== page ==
13 Miles and 13 Milion Women
September 17th was the day of the Bristol Half Marathon and I was taking part to raise funds for Advantage Africa. With little time for training due to the demands of two young children and a recent house move, I was filled with anxiety about it. I was sure to make a complete fool of myself and drag myself in last alongside those dressed as dinosaurs walking backwards on stilts.
I hadn’t exercised for years and as the day approached, I thought of numerous reasons to drop out including lack of sleep, dodgy knees (in both appearance and mechanics) and a low embarrassment threshold. But then I would metaphorically slap myself with the reason why I had agreed to take part in the first place. I was aiming to raise £2,000 towards our work to support women affected by HIV in Uganda.
It didn’t actually matter how stupid I looked. What mattered was that I gave it a go. I was doing this because of women like Justine Nalongo who we featured in our last newsletter. Justine is a widow who looks after five orphans in her own home, spending half her day by the roadside sewing to earn enough money to feed and send them to school. She spends the other half making bricks for the poultry house that her single parents’ group is building in an effort to work themselves out of poverty. Things that a grandmother like Justine would never have to do here in the UK.
'As long as it’s not a baking hot day for the race, I’ll manage’, I thought. ‘A bit of drizzle would be good.’ Sure enough, September 17th dawned clear and warm with one of those spectacular, breathless blue skies. I appraised the other competitors as we walked to the start area – muscly, with stringy, lean physiques, clutching their water and energy bars with steely-eyed focus. I felt like a wildebeest who’d lumbered into a gazelle-only party.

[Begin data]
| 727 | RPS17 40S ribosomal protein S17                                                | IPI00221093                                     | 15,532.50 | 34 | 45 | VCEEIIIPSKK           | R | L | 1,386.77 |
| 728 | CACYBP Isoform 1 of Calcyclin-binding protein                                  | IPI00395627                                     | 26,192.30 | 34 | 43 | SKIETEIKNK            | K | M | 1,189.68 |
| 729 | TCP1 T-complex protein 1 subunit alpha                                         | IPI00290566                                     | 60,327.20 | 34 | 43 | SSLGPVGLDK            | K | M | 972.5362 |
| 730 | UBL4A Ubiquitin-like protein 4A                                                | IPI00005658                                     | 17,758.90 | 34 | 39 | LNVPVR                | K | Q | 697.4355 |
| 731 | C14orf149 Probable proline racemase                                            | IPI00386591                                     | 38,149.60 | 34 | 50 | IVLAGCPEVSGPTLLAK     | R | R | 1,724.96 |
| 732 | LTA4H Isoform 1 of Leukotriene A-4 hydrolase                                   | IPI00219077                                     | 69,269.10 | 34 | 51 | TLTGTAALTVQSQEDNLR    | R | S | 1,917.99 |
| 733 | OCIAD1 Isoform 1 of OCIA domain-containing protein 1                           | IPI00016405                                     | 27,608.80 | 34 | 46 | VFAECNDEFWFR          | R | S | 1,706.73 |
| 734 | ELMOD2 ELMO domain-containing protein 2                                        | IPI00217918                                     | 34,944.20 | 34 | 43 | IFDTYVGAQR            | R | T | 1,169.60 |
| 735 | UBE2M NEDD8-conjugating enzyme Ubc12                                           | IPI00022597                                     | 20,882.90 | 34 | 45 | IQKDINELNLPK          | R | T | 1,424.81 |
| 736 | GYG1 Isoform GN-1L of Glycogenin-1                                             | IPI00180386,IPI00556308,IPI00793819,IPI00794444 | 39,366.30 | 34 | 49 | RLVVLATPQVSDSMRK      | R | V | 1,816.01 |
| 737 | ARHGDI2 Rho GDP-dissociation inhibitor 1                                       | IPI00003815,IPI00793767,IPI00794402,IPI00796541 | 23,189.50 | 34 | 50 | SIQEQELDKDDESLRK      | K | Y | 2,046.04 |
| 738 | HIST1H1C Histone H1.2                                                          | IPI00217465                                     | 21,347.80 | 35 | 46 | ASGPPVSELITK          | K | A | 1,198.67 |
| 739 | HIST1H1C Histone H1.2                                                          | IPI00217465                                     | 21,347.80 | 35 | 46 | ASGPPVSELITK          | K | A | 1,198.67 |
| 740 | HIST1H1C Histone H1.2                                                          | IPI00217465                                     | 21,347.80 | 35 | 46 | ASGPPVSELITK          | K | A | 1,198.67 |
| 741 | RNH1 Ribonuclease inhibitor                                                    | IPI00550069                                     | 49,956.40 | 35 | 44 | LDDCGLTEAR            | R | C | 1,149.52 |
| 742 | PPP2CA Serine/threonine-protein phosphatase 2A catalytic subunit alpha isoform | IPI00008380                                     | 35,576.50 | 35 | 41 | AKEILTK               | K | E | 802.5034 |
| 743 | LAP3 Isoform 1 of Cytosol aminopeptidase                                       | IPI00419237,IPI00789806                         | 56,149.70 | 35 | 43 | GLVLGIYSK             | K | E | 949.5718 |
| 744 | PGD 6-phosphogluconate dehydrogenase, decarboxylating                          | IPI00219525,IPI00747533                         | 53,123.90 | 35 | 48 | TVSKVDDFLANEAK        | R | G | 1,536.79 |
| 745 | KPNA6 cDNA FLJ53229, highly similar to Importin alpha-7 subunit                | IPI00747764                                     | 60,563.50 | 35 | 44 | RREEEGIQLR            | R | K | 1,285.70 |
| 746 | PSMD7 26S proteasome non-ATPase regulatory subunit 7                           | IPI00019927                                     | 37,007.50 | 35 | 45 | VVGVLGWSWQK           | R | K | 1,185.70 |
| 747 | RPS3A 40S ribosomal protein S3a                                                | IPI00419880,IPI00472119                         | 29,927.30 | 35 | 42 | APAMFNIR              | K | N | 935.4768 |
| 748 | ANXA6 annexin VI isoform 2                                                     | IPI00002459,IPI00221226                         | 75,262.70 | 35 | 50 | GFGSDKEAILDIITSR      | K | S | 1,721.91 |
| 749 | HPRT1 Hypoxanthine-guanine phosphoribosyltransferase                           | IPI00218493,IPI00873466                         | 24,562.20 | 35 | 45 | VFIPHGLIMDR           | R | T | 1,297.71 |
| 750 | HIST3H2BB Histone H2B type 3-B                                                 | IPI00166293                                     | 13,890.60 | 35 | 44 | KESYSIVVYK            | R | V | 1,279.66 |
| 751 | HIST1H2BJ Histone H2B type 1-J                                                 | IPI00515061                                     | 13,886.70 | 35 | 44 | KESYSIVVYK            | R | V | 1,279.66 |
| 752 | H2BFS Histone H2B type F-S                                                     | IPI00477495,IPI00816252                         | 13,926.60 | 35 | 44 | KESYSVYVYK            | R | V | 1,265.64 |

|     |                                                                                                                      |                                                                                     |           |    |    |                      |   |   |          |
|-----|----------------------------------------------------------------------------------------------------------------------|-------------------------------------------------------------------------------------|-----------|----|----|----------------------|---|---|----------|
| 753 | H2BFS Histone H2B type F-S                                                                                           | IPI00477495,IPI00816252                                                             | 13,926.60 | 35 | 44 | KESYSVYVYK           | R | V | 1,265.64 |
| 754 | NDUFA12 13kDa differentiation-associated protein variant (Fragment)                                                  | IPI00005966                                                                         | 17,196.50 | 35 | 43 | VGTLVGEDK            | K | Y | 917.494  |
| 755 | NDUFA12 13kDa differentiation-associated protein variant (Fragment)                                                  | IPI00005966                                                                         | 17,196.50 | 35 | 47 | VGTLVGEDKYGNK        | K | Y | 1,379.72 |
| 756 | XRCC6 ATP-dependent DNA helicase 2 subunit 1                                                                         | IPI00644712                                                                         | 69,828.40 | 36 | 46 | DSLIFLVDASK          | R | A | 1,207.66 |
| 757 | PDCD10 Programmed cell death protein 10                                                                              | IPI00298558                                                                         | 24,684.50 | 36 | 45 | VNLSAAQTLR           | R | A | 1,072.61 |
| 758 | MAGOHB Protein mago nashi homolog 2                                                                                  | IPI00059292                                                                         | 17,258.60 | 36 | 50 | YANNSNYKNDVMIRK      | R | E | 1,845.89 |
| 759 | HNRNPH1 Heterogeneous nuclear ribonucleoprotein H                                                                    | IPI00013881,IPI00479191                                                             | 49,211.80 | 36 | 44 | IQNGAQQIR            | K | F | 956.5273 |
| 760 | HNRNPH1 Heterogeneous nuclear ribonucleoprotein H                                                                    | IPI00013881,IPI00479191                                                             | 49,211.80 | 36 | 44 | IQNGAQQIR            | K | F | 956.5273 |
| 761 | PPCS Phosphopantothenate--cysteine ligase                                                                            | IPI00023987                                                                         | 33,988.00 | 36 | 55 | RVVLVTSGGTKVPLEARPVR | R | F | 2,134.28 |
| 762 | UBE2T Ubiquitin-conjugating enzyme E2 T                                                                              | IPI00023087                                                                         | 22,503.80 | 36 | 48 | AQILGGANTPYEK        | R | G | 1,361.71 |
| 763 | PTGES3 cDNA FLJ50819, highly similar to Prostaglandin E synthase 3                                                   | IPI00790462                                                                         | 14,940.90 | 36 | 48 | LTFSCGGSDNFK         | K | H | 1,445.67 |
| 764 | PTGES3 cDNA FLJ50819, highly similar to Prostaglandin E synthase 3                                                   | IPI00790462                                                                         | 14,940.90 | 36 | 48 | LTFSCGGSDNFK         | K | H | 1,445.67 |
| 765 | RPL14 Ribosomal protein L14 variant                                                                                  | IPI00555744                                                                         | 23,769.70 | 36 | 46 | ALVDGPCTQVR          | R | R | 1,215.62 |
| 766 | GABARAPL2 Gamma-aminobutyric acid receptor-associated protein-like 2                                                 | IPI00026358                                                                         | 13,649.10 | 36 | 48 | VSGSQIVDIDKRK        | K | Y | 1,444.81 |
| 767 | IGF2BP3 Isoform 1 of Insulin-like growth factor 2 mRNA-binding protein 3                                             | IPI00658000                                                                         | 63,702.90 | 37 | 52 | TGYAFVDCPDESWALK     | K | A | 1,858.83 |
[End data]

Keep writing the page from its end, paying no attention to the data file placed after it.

The start was utter chaos – 10,000 runners jostling to find their right places behind the line. I made my way towards the back and found myself beside a man dressed as Superman. When he saw the three-foot high barrier we had to negotiate to get into the runners’ enclosure, he wailed loudly, ‘How are we supposed to get over that?’. Disappointing for a superhero.
Finally, we were off. My strategy for completing the 13 miles was to ‘power walk’ as fast as I could, let gravity help out by running down any hills and make sure I jogged at least 200 steps in every mile. The weather was scorching, and as the miles melted away, ambulances whipped past and competitors slumped semi-conscious by the roadside; I learned later that more than 70 runners collapsed from heat exhaustion.
I eventually completed the half marathon in two hours and fifty minutes. I didn’t come last but I did trail behind a man awash with sweat in a rubber ballerina suit and another competitor swaddled in an overcoat with a crocodile tied to his back.
With unsightly blisters and a shiny medal to show for it, I did each of the 13 miles in almost exactly 13 minutes. I did it for women in Uganda like Justine Nalongo and Betty Kizito, whose work we feature overleaf. For any of the 13 million HIV positive women battling for their own and their children’s lives across Africa, I’d do it again in the blink of an eye.
Jane Betts, Co-founder and Trustee